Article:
Signs of wrong practice.

Discussion of meditation in the Mahayana and Vajrayana traditions.
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nirmal
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Signs of wrong practice.

Postby nirmal » Tue Dec 28, 2010 3:35 pm

Some signs that would indicate that there is wrong practice of meditation.

The selfish desire that others don't progress as fast as oneself.
The desire and longing for swift progress in meditation.
Laughing to oneself
Quick tempered, touchy and very sensitive.
Talking to oneself.
Crazy over gaining supernatural powers.
Tired and doing everything in a hurry including meditation.
Easily excited

Some people are easily excited by nature. Some could just be moody. I don't think having one sign alone is an indication of wrong practice.But prolonged signs are sure an indication of wrong practice.There could be many other signs of wrong practice.Kindly contribute and share.Thoughts welcomed?

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Re: Signs of wrong practice.

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nirmal
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Re: Signs of wrong practice.

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Re: Signs of wrong practice.

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Re: Signs of wrong practice.

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nirmal
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Re: Signs of wrong practice.

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Re: Signs of wrong practice.

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Re: Signs of wrong practice.

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nirmal
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Re: Signs of wrong practice.

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Re: Signs of wrong practice.

Postby Tashi Nyima » Wed Feb 09, 2011 4:48 am

One of my Teachers, when approached by some beginning meditators with excited reports of seeing lights and hearing sublime sounds, looked at them with profound compassion and said:

"Keep meditating. These things will go away."

Perhaps it is more helpful to focus on signs of proper post-meditation. Do you feel spontaneous compassion for others? Are you more tolerant? Are you more peaceful? Are you aware that all your perceptions are internal mental representations?

"Good meditation" is not a goal. It is merely a way.

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Re: Signs of wrong practice.

Postby Jnana » Wed Feb 09, 2011 9:50 am


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Re: Signs of wrong practice.

Postby Adamantine » Wed Feb 09, 2011 10:42 am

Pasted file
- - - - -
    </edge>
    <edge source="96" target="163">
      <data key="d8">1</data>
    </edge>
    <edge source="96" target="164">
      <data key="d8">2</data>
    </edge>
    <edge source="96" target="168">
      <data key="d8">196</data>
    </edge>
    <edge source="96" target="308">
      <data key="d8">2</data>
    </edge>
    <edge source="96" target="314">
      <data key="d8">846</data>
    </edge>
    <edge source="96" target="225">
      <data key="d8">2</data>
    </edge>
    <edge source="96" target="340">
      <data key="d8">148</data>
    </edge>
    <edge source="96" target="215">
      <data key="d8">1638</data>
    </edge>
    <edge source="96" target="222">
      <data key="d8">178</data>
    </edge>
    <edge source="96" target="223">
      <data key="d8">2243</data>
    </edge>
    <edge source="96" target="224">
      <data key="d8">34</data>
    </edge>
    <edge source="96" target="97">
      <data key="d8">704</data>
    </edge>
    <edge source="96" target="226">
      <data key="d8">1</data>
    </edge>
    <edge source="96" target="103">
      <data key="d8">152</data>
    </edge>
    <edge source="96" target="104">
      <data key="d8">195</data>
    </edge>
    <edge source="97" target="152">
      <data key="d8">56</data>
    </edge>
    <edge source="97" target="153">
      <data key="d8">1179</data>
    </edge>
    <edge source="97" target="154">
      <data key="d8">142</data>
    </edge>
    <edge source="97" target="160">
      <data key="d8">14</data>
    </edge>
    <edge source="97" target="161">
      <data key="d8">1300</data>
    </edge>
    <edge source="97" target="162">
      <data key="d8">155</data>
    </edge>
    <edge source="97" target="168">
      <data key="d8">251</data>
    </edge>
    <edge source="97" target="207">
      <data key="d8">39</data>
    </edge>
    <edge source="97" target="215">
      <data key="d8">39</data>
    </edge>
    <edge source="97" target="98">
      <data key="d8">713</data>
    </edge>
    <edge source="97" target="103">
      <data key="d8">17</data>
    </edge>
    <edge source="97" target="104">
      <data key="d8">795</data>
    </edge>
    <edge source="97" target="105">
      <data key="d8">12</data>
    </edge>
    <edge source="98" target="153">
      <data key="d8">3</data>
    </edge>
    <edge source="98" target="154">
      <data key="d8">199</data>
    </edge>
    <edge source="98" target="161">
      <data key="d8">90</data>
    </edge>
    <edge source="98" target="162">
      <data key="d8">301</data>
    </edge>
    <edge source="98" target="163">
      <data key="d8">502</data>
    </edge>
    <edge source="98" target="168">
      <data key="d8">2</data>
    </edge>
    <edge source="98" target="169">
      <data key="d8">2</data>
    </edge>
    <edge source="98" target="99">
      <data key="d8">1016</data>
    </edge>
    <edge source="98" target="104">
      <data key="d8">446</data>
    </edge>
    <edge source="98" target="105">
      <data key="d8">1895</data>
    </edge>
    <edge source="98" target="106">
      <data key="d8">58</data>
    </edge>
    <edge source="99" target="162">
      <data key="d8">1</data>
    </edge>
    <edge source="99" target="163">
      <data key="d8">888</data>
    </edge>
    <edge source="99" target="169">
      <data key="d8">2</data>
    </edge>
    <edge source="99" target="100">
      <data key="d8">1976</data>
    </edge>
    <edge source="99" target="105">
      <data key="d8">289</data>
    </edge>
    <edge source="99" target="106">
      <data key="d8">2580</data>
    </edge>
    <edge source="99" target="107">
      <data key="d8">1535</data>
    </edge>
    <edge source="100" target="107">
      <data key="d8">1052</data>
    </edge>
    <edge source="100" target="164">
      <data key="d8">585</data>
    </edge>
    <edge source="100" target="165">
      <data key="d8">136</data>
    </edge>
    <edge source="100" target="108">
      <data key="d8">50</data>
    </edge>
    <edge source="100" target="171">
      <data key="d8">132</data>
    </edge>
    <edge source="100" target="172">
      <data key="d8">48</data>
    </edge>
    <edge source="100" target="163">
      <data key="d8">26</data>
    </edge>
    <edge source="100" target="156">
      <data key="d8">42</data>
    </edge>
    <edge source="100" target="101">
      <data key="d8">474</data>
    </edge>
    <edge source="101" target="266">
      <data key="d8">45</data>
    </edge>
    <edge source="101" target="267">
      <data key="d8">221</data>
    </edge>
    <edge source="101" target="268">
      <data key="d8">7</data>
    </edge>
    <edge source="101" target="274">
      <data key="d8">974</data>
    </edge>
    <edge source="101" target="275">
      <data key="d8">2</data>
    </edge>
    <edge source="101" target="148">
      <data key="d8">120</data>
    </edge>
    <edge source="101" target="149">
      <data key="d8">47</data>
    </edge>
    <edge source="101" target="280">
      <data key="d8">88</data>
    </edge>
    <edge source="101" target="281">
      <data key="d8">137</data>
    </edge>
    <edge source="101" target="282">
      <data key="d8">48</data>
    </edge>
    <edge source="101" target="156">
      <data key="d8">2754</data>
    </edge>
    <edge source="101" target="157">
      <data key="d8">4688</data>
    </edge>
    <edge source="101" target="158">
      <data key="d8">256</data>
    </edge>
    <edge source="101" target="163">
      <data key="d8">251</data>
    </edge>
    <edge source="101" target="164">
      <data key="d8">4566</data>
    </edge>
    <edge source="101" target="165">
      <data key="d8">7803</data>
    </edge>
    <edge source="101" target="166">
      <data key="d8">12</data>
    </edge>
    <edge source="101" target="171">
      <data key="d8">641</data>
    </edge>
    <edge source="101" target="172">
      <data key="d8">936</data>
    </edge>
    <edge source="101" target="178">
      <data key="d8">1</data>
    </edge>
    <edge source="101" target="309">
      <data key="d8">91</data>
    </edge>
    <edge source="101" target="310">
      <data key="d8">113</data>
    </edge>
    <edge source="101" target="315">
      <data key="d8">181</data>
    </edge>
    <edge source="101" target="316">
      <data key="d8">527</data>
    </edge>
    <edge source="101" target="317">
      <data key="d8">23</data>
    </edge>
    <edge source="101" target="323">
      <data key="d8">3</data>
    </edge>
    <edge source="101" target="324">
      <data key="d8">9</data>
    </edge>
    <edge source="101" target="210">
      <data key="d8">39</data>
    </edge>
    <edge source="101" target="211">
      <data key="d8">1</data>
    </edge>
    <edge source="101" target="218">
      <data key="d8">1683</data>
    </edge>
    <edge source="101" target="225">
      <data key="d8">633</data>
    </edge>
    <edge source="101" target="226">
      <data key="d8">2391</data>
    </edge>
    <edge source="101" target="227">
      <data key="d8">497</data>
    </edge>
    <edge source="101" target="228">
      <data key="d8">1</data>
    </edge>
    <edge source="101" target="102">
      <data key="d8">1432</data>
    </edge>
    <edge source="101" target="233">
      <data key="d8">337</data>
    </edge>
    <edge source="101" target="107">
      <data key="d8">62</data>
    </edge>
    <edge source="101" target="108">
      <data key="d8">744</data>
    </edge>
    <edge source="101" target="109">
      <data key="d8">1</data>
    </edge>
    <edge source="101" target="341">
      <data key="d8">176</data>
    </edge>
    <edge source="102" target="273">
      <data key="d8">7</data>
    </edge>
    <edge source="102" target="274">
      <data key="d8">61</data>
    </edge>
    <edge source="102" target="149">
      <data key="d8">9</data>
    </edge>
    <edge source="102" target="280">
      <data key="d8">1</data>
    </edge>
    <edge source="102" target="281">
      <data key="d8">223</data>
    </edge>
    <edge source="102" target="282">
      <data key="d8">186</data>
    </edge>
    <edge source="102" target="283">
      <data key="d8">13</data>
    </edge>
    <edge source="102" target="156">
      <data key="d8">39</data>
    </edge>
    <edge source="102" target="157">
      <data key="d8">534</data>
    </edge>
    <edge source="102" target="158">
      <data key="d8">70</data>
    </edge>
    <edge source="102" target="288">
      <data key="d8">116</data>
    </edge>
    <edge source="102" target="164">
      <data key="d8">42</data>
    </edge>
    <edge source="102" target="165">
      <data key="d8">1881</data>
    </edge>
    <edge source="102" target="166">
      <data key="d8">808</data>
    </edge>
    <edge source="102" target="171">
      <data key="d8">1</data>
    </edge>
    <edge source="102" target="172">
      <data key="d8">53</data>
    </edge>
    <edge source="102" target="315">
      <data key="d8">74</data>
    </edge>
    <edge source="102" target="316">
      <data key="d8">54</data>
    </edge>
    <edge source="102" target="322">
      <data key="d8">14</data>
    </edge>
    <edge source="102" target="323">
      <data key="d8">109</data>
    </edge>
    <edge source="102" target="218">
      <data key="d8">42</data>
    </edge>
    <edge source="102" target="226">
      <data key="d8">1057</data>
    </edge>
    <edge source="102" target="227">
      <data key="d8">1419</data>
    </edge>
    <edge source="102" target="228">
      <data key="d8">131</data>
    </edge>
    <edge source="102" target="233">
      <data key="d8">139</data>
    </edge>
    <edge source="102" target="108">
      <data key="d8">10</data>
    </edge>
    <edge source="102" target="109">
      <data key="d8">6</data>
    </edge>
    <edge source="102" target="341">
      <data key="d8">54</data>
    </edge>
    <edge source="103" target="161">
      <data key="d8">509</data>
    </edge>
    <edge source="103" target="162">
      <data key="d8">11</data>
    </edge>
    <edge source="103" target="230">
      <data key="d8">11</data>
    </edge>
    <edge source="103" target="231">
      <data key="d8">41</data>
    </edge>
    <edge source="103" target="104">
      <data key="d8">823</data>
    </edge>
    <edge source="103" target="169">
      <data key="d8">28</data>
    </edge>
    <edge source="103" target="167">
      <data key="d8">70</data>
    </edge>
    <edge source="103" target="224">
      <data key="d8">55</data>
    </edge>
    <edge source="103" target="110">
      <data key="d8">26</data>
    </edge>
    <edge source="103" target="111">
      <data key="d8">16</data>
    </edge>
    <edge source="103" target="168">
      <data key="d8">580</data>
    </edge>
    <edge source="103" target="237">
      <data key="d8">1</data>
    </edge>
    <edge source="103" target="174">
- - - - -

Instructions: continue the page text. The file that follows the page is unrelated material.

Contentment is the ultimate wealth;
Detachment is the final happiness. ~Sri Saraha

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Re: Signs of wrong practice.

Postby Tashi Nyima » Wed Feb 09, 2011 3:30 pm

Without getting overly technical, it is important to recognize that there is no direct perception in ordinary consciousness. Let us take the sound of a bell as an example. From a western scientific standpoint (which is not too different from the Buddhist understanding, putting aside for now the ultimate reality of the bell and the sound), when the clapper strikes the body of the bell, a vibration is generated. This vibration sets particles of air in motion, which in turn strike the cilia in the ear.

The subtle vibrations of the cilia are transmitted to the tympanic membrane, and then to the minuscule bones inside the ear. These vibrations then reach the auditory nerve. Now, the nerve does not have any other capacity than to 'fire' impulses of specific amplitude and frequency in particular sequences. This set of impulses reaches the brain, and the brain presents them to the mind. It is the mind that interprets the raw data of the nerve impulses, producing an internal mental event that we recognize as sound.

All sense perceptions are similar. Ultimately, all perceptions are mere internal mental events, whatever the sense organ that mediates them. From this brief and necessarily over-simplified account, we can easily deduce that the mental state of the perceiver has a significant and determinant influence on perceptions.

Agitation distorts perception. We've all had the experience, or have witnessed a similar occurrence in others, when we're frantically looking for something and cannot see it, even 'though it is in plain view. Perhaps it was a set of keys, or an important piece of paper, or our sunglasses.

We cannot see this object that is right in front of us, not because our sense organs (in this case, the eyes) are malfunctioning, but because our mind is agitated, distracted. The cause of the distraction can be an intense emotion, or the false belief (wrong view) that the object is elsewhere.

If we can regain our composure, the object becomes plainly visible.

Every one of our perceptions --how we "see" other sentient beings, objects, and ourselves-- is subject to this phenomenon: when the mind is agitated, we cannot perceive clearly.